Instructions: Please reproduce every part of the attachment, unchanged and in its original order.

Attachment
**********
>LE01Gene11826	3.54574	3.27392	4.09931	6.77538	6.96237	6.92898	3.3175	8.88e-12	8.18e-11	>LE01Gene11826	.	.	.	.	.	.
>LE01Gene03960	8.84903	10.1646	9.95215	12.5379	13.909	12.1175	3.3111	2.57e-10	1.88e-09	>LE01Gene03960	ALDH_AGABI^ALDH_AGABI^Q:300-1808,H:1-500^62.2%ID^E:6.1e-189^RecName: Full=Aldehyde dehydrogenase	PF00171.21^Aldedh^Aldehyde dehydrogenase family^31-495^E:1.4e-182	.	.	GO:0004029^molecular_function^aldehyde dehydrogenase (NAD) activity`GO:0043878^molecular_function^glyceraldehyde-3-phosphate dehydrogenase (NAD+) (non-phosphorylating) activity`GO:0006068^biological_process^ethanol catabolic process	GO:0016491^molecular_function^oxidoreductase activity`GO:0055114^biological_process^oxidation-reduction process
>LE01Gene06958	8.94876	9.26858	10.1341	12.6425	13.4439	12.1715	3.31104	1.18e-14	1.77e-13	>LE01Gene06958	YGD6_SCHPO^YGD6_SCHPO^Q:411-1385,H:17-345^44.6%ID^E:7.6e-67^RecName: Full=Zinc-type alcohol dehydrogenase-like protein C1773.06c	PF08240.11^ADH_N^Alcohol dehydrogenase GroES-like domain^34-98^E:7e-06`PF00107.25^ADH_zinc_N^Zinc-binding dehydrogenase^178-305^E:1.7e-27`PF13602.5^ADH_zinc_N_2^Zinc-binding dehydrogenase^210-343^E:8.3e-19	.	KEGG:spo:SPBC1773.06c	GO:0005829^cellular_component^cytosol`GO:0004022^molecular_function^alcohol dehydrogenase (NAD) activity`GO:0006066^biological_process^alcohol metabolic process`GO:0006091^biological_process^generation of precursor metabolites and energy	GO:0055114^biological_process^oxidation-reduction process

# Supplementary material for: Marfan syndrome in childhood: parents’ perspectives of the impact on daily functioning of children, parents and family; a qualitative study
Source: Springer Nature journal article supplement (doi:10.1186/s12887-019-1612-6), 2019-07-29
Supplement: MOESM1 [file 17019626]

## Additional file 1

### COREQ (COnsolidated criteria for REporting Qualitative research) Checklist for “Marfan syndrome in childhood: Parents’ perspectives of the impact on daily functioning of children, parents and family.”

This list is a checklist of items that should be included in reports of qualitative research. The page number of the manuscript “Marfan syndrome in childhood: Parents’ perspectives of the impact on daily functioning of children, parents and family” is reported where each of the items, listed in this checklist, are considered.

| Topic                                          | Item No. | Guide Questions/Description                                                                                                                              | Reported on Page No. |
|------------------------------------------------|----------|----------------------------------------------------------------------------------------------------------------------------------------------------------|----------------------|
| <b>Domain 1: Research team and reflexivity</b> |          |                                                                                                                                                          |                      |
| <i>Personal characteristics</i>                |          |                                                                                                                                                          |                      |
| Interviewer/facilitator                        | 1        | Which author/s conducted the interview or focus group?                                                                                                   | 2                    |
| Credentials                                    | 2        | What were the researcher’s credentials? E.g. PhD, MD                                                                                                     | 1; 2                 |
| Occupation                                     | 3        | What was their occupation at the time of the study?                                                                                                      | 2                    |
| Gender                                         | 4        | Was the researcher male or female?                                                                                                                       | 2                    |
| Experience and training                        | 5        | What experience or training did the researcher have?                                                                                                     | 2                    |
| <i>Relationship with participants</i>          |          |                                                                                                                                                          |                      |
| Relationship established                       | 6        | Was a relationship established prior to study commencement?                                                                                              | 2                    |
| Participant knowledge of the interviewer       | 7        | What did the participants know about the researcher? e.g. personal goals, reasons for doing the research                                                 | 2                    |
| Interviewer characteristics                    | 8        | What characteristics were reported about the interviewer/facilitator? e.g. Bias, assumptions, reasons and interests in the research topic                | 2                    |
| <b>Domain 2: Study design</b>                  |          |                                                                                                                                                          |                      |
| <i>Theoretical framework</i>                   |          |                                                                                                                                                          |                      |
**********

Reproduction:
>LE01Gene11826	3.54574	3.27392	4.09931	6.77538	6.96237	6.92898	3.3175	8.88e-12	8.18e-11	>LE01Gene11826	.	.	.	.	.	.
>LE01Gene03960	8.84903	10.1646	9.95215	12.5379	13.909	12.1175	3.3111	2.57e-10	1.88e-09	>LE01Gene03960	ALDH_AGABI^ALDH_AGABI^Q:300-1808,H:1-500^62.2%ID^E:6.1e-189^RecName: Full=Aldehyde dehydrogenase	PF00171.21^Aldedh^Aldehyde dehydrogenase family^31-495^E:1.4e-182	.	.	GO:0004029^molecular_function^aldehyde dehydrogenase (NAD) activity`GO:0043878^molecular_function^glyceraldehyde-3-phosphate dehydrogenase (NAD+) (non-phosphorylating) activity`GO:0006068^biological_process^ethanol catabolic process	GO:0016491^molecular_function^oxidoreductase activity`GO:0055114^biological_process^oxidation-reduction process
>LE01Gene06958	8.94876	9.26858	10.1341	12.6425	13.4439	12.1715	3.31104	1.18e-14	1.77e-13	>LE01Gene06958	YGD6_SCHPO^YGD6_SCHPO^Q:411-1385,H:17-345^44.6%ID^E:7.6e-67^RecName: Full=Zinc-type alcohol dehydrogenase-like protein C1773.06c	PF08240.11^ADH_N^Alcohol dehydrogenase GroES-like domain^34-98^E:7e-06`PF00107.25^ADH_zinc_N^Zinc-binding dehydrogenase^178-305^E:1.7e-27`PF13602.5^ADH_zinc_N_2^Zinc-binding dehydrogenase^210-343^E:8.3e-19	.	KEGG:spo:SPBC1773.06c	GO:0005829^cellular_component^cytosol`GO:0004022^molecular_function^alcohol dehydrogenase (NAD) activity`GO:0006066^biological_process^alcohol metabolic process`GO:0006091^biological_process^generation of precursor metabolites and energy	GO:0055114^biological_process^oxidation-reduction process

# Supplementary material for: Marfan syndrome in childhood: parents’ perspectives of the impact on daily functioning of children, parents and family; a qualitative study
Source: Springer Nature journal article supplement (doi:10.1186/s12887-019-1612-6), 2019-07-29
Supplement: MOESM1 [file 17019626]

## Additional file 1

### COREQ (COnsolidated criteria for REporting Qualitative research) Checklist for “Marfan syndrome in childhood: Parents’ perspectives of the impact on daily functioning of children, parents and family.”

This list is a checklist of items that should be included in reports of qualitative research. The page number of the manuscript “Marfan syndrome in childhood: Parents’ perspectives of the impact on daily functioning of children, parents and family” is reported where each of the items, listed in this checklist, are considered.

| Topic                                          | Item No. | Guide Questions/Description                                                                                                                              | Reported on Page No. |
|------------------------------------------------|----------|----------------------------------------------------------------------------------------------------------------------------------------------------------|----------------------|
| <b>Domain 1: Research team and reflexivity</b> |          |                                                                                                                                                          |                      |
| <i>Personal characteristics</i>                |          |                                                                                                                                                          |                      |
| Interviewer/facilitator                        | 1        | Which author/s conducted the interview or focus group?                                                                                                   | 2                    |
| Credentials                                    | 2        | What were the researcher’s credentials? E.g. PhD, MD                                                                                                     | 1; 2                 |
| Occupation                                     | 3        | What was their occupation at the time of the study?                                                                                                      | 2                    |
| Gender                                         | 4        | Was the researcher male or female?                                                                                                                       | 2                    |
| Experience and training                        | 5        | What experience or training did the researcher have?                                                                                                     | 2                    |
| <i>Relationship with participants</i>          |          |                                                                                                                                                          |                      |
| Relationship established                       | 6        | Was a relationship established prior to study commencement?                                                                                              | 2                    |
| Participant knowledge of the interviewer       | 7        | What did the participants know about the researcher? e.g. personal goals, reasons for doing the research                                                 | 2                    |
| Interviewer characteristics                    | 8        | What characteristics were reported about the interviewer/facilitator? e.g. Bias, assumptions, reasons and interests in the research topic                | 2                    |
| <b>Domain 2: Study design</b>                  |          |                                                                                                                                                          |                      |
| <i>Theoretical framework</i>                   |          |                                                                                                                                                          |                      |